In Part 1 of this series I asked the question:  What impels a young man to embark on a life of missionary service to his LORD and Savior?  It became clear, during my research, that John Birch received his “calling” to be a missionary from his Savior, Jesus, and he received that calling at a young age.  He never turned back from serving his Savior, nor did he hesitate from going into harm’s way many times during that service.   John was characterized by Robert Welch as “a simple, but highly intelligent man, who worked hard to serve God, spread God’s Word, and fought for the freedom to do so.”  Many times during his wartime service, Birch longed for the day when he could farm his own land, marry and raise a family, and continue to serve God in his own way.

In a letter he called, “The War Weary Farmer”, written four months before his murder by Chinese communists in August, 1945, John wrote:  “I should like to find the existence of what my father called ‘Plain living and high thinking.’  I want some fields and hills, woodlands and streams I can call my own.  I want to spend my strength in making fields green, and the cattle fat, so that I may give sustenance to my loved ones, and aid to those neighbors who suffer misfortune.  I do not want a life of monotonous paper shuffling or of trafficking with money-mad traders.  I only want enough of science to enable fruitful husbandry of the land with simple tools, a time for leisure, and the guarding of my family’s health.”

God took John Birch home to be with Him in Paradise when he was only 27.  Many would have considered that a great loss.  In that same letter he expressed his longing for a long and simple life, with his sons and grandsons around him.  He also wrote that, I want of government only protection against the violence and injustices of evil or selfish men.”  Although John was not blessed to accomplish all of his life’s goals,   I’d like to believe that as he faced his death at the hands of murderous communist killers, he had a sense of accomplishment and serenity, knowing that God was calling him into Eternity with Him, with the words, “Well done, good and faithful servant….”

Last time, I left John Birch on a sampan in a river in China, where he had just met Lt. Col. Jimmy Doolittle, the commander of the daring raid on five Japanese cities on April 18, 1942.  Sixty-two American flyers had been located and rescued by Chinese patriots in Japanese occupied China, after having been forced to bail out of their bombers when they ran out of fuel.  Suddenly the young John Birch was face-to-face with the world-famous commander of these daring raiders.  He must have been momentarily shocked as he shook hands with Doolittle and the other crewmen, for almost no one in China had been aware that the U.S. had struck a first blow for justice against the Japanese aggressors.

For the previous two years, John had been pastoring the Chinese people, bringing God’s Word to them.  Every day he witnessed famine, disease, and the carnage wrought by the Japanese in their ruthless  invasion and occupation of China, which began in earnest in 1937, with cities leveled, villages burned to ashes, and people, particularly women, horribly mistreated.  Birch and other Christian missionaries had been struggling to feed starving people, nurse the wounded, protect women from violation, and find time to share God’s message of Salvation and love in a land that had known only chaos, war, and brutality for many years.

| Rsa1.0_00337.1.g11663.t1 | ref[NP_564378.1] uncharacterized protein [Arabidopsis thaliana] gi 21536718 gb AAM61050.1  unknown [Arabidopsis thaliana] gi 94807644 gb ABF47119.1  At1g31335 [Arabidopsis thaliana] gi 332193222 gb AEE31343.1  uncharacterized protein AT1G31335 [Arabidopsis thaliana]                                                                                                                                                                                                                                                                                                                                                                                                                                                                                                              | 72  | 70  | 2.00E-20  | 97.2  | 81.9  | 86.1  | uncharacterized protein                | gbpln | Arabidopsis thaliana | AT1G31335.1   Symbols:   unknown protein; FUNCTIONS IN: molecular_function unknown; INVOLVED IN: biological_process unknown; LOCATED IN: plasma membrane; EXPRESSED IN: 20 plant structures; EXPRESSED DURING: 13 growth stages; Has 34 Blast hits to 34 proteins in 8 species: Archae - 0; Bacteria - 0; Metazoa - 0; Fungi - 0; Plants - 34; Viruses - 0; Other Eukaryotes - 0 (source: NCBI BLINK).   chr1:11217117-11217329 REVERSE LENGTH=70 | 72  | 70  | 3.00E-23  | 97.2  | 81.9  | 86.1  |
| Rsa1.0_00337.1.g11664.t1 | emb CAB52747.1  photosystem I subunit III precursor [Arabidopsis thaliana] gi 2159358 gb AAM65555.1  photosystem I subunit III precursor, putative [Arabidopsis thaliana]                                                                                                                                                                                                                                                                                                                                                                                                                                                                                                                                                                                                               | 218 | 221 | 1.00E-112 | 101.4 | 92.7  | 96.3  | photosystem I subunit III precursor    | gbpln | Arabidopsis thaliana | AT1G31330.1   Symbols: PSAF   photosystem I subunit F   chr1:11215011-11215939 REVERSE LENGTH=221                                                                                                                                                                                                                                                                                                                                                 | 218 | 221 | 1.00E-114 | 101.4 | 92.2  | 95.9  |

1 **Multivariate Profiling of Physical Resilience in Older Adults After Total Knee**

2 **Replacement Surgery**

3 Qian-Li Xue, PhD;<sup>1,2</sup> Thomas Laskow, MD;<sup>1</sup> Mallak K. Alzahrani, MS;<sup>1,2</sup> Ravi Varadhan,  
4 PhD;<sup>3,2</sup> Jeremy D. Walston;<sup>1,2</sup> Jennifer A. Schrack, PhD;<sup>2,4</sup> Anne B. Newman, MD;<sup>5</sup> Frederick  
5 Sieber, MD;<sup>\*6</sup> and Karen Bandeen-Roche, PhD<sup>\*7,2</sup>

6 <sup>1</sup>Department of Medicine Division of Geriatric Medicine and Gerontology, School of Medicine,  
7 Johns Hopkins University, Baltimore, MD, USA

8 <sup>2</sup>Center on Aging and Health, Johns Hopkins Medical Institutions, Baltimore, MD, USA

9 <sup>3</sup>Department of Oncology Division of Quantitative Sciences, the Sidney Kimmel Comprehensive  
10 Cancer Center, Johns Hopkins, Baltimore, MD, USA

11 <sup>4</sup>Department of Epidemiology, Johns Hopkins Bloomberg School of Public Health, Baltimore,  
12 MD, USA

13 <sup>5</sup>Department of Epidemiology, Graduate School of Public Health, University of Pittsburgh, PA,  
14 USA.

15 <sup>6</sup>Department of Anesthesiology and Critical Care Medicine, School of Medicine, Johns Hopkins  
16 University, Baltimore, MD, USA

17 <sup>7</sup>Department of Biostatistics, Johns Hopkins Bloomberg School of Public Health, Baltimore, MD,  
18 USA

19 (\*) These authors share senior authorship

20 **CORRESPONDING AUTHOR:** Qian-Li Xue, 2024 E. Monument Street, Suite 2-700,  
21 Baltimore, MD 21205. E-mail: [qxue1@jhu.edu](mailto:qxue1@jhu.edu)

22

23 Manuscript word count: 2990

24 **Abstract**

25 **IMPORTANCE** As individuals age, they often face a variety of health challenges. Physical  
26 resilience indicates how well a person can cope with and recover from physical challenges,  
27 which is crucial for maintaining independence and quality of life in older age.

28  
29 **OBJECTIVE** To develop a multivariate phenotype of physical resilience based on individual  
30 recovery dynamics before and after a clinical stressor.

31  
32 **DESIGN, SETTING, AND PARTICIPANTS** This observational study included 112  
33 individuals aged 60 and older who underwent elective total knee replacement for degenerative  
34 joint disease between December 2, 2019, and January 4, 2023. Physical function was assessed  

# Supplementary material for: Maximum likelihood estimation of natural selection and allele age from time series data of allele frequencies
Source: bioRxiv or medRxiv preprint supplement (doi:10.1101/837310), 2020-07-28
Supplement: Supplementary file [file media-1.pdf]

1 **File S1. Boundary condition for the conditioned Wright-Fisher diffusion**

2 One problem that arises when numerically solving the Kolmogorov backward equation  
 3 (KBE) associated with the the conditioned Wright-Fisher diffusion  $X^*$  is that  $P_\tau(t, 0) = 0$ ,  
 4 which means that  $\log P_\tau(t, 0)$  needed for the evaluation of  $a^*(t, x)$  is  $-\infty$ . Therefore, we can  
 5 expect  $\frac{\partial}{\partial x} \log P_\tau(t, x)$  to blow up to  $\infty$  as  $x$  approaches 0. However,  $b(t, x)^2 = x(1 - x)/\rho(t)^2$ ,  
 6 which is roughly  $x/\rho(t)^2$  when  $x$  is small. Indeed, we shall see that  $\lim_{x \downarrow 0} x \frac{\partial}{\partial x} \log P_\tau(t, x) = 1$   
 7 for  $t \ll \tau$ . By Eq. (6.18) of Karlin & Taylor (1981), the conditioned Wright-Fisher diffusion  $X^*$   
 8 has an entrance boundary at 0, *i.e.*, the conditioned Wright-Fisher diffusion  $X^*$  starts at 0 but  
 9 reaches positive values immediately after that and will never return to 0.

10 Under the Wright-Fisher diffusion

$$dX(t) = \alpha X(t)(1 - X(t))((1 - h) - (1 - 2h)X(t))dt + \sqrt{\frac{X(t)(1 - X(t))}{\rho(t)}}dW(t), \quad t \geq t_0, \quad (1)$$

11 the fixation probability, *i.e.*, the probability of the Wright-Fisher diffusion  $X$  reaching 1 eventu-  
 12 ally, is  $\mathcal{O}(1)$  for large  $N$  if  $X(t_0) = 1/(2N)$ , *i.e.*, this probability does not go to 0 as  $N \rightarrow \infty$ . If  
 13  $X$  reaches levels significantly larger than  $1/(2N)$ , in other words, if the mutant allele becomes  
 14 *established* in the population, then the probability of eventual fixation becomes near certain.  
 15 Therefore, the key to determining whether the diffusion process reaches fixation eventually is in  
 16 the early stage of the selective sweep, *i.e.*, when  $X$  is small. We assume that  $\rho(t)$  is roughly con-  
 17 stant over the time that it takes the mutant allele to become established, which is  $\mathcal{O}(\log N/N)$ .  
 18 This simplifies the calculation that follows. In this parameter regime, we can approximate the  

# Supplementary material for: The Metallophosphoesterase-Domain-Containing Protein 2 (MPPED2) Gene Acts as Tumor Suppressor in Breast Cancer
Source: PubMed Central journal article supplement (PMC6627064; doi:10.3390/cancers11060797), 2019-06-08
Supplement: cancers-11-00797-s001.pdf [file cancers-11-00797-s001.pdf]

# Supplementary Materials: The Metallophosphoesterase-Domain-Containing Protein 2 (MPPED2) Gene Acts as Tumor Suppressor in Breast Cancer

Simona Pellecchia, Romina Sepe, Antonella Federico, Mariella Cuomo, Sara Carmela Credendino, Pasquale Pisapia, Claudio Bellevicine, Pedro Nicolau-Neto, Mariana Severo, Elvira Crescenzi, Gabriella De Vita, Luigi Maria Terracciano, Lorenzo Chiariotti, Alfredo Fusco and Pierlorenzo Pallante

What many Americans don’t realize is that  the Japanese invaders were not the sole enemy that the Chinese people faced.  For years the military forces of the Nationalist government, led by Chiang Kai-shek, had been engaged in violent battles caused by an insurrection led by the Moscow trained Chou En-lai and Mao Tse-tung, two brutal communist leaders who, although they had no love for the occupying Japanese, nevertheless had been playing an insurrectionary “waiting game” with the Nationalist government under Chiang, and were planning on moving in and taking over the government when the Japanese moved out, as they inevitably would.  (By 1942, the Communist insurrectionists already controlled parts of China.) 

It was only a matter of time before the atrocities committed by the Japanese occupying forces became well known in the west generally, and in the U.S. specifically.  After Pearl Harbor, our State Dept. ordered all missionaries to leave China, but John refused to leave the people he had grown to love, and was in turn loved by thousands of Chinese.  However, the attack on Pearl had left Birch in a quandary.  As a clergyman he was exempted from the draft.  If he volunteered, would he have to forego his preaching and missionary work?  John was a religious man, but he was no pacifist.  He knew that in order to continue to bring God’s Word to the Chinese people the Japanese had to be defeated and driven out of China. 

In one of his letters, Birch wrote to the American Military Mission in Chungking, and offered his services as an Army chaplain.  Shortly thereafter, John accidentally met Lt. Col. Jimmy Doolittle in that sampan on the river, a meeting that changed history.   With the aid of Chinese patriots, Birch led Doolittle and his men to safety in unoccupied China.  He was then instructed to search for the other aircrews that had managed to escape from the clutches of the Japanese, and rescue them.  John used his extensive network of contacts, developed during his missionary work, to discover the location of the other American flyers, and was able to ultimately get about 60 of them to safety. 


Next time:  Missionary John Birch meets Gen. Claire Chennault, Commander of the famous “Flying Tigers”, and joins the U.S. Army.

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